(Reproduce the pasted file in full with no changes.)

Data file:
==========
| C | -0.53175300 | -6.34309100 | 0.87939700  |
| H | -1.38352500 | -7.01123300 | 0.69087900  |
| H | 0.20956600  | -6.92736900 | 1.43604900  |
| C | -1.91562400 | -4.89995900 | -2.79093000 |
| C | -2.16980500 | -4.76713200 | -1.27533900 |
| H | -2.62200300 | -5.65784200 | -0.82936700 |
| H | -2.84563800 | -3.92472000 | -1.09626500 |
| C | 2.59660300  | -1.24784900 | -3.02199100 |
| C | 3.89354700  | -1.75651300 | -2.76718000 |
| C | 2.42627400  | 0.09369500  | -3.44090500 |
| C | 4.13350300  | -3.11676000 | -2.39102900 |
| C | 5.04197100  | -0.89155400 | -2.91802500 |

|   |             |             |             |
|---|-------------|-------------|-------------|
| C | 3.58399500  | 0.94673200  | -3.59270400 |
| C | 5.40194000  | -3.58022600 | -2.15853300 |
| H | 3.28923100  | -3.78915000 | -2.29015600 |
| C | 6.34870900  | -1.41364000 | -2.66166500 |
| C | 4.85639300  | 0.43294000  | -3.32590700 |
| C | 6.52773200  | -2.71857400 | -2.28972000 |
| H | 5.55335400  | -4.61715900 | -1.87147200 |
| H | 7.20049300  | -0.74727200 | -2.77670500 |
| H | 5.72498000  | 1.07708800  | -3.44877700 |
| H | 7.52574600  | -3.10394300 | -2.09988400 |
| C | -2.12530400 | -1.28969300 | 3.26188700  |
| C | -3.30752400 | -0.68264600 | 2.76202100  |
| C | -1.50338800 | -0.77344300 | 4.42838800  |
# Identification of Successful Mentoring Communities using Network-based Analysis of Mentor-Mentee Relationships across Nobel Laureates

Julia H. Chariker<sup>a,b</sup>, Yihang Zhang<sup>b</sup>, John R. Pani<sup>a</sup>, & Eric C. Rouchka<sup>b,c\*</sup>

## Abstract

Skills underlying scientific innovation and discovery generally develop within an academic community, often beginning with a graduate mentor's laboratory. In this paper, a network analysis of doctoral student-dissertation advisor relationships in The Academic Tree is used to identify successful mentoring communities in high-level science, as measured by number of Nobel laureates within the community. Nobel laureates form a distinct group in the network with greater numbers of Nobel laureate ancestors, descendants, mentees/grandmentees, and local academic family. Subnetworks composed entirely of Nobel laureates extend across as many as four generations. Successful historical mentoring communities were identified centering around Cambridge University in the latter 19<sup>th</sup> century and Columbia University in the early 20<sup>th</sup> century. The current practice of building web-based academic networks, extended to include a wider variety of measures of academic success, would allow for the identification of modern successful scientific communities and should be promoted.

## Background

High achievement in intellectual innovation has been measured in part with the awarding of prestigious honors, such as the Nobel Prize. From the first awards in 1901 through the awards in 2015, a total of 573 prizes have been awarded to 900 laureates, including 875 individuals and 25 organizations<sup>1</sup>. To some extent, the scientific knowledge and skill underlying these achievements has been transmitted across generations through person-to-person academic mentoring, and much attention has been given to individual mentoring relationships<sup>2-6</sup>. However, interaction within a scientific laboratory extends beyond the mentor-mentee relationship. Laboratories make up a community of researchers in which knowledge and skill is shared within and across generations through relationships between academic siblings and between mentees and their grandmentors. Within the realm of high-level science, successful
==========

| C | -0.53175300 | -6.34309100 | 0.87939700  |
| H | -1.38352500 | -7.01123300 | 0.69087900  |
| H | 0.20956600  | -6.92736900 | 1.43604900  |
| C | -1.91562400 | -4.89995900 | -2.79093000 |
| C | -2.16980500 | -4.76713200 | -1.27533900 |
| H | -2.62200300 | -5.65784200 | -0.82936700 |
| H | -2.84563800 | -3.92472000 | -1.09626500 |
| C | 2.59660300  | -1.24784900 | -3.02199100 |
| C | 3.89354700  | -1.75651300 | -2.76718000 |
| C | 2.42627400  | 0.09369500  | -3.44090500 |
| C | 4.13350300  | -3.11676000 | -2.39102900 |
| C | 5.04197100  | -0.89155400 | -2.91802500 |

|   |             |             |             |
|---|-------------|-------------|-------------|
| C | 3.58399500  | 0.94673200  | -3.59270400 |
| C | 5.40194000  | -3.58022600 | -2.15853300 |
| H | 3.28923100  | -3.78915000 | -2.29015600 |
| C | 6.34870900  | -1.41364000 | -2.66166500 |
| C | 4.85639300  | 0.43294000  | -3.32590700 |
| C | 6.52773200  | -2.71857400 | -2.28972000 |
| H | 5.55335400  | -4.61715900 | -1.87147200 |
| H | 7.20049300  | -0.74727200 | -2.77670500 |
| H | 5.72498000  | 1.07708800  | -3.44877700 |
| H | 7.52574600  | -3.10394300 | -2.09988400 |
| C | -2.12530400 | -1.28969300 | 3.26188700  |
| C | -3.30752400 | -0.68264600 | 2.76202100  |
| C | -1.50338800 | -0.77344300 | 4.42838800  |
# Identification of Successful Mentoring Communities using Network-based Analysis of Mentor-Mentee Relationships across Nobel Laureates

Julia H. Chariker<sup>a,b</sup>, Yihang Zhang<sup>b</sup>, John R. Pani<sup>a</sup>, & Eric C. Rouchka<sup>b,c\*</sup>

## Abstract

Skills underlying scientific innovation and discovery generally develop within an academic community, often beginning with a graduate mentor's laboratory. In this paper, a network analysis of doctoral student-dissertation advisor relationships in The Academic Tree is used to identify successful mentoring communities in high-level science, as measured by number of Nobel laureates within the community. Nobel laureates form a distinct group in the network with greater numbers of Nobel laureate ancestors, descendants, mentees/grandmentees, and local academic family. Subnetworks composed entirely of Nobel laureates extend across as many as four generations. Successful historical mentoring communities were identified centering around Cambridge University in the latter 19<sup>th</sup> century and Columbia University in the early 20<sup>th</sup> century. The current practice of building web-based academic networks, extended to include a wider variety of measures of academic success, would allow for the identification of modern successful scientific communities and should be promoted.

## Background

High achievement in intellectual innovation has been measured in part with the awarding of prestigious honors, such as the Nobel Prize. From the first awards in 1901 through the awards in 2015, a total of 573 prizes have been awarded to 900 laureates, including 875 individuals and 25 organizations<sup>1</sup>. To some extent, the scientific knowledge and skill underlying these achievements has been transmitted across generations through person-to-person academic mentoring, and much attention has been given to individual mentoring relationships<sup>2-6</sup>. However, interaction within a scientific laboratory extends beyond the mentor-mentee relationship. Laboratories make up a community of researchers in which knowledge and skill is shared within and across generations through relationships between academic siblings and between mentees and their grandmentors. Within the realm of high-level science, successful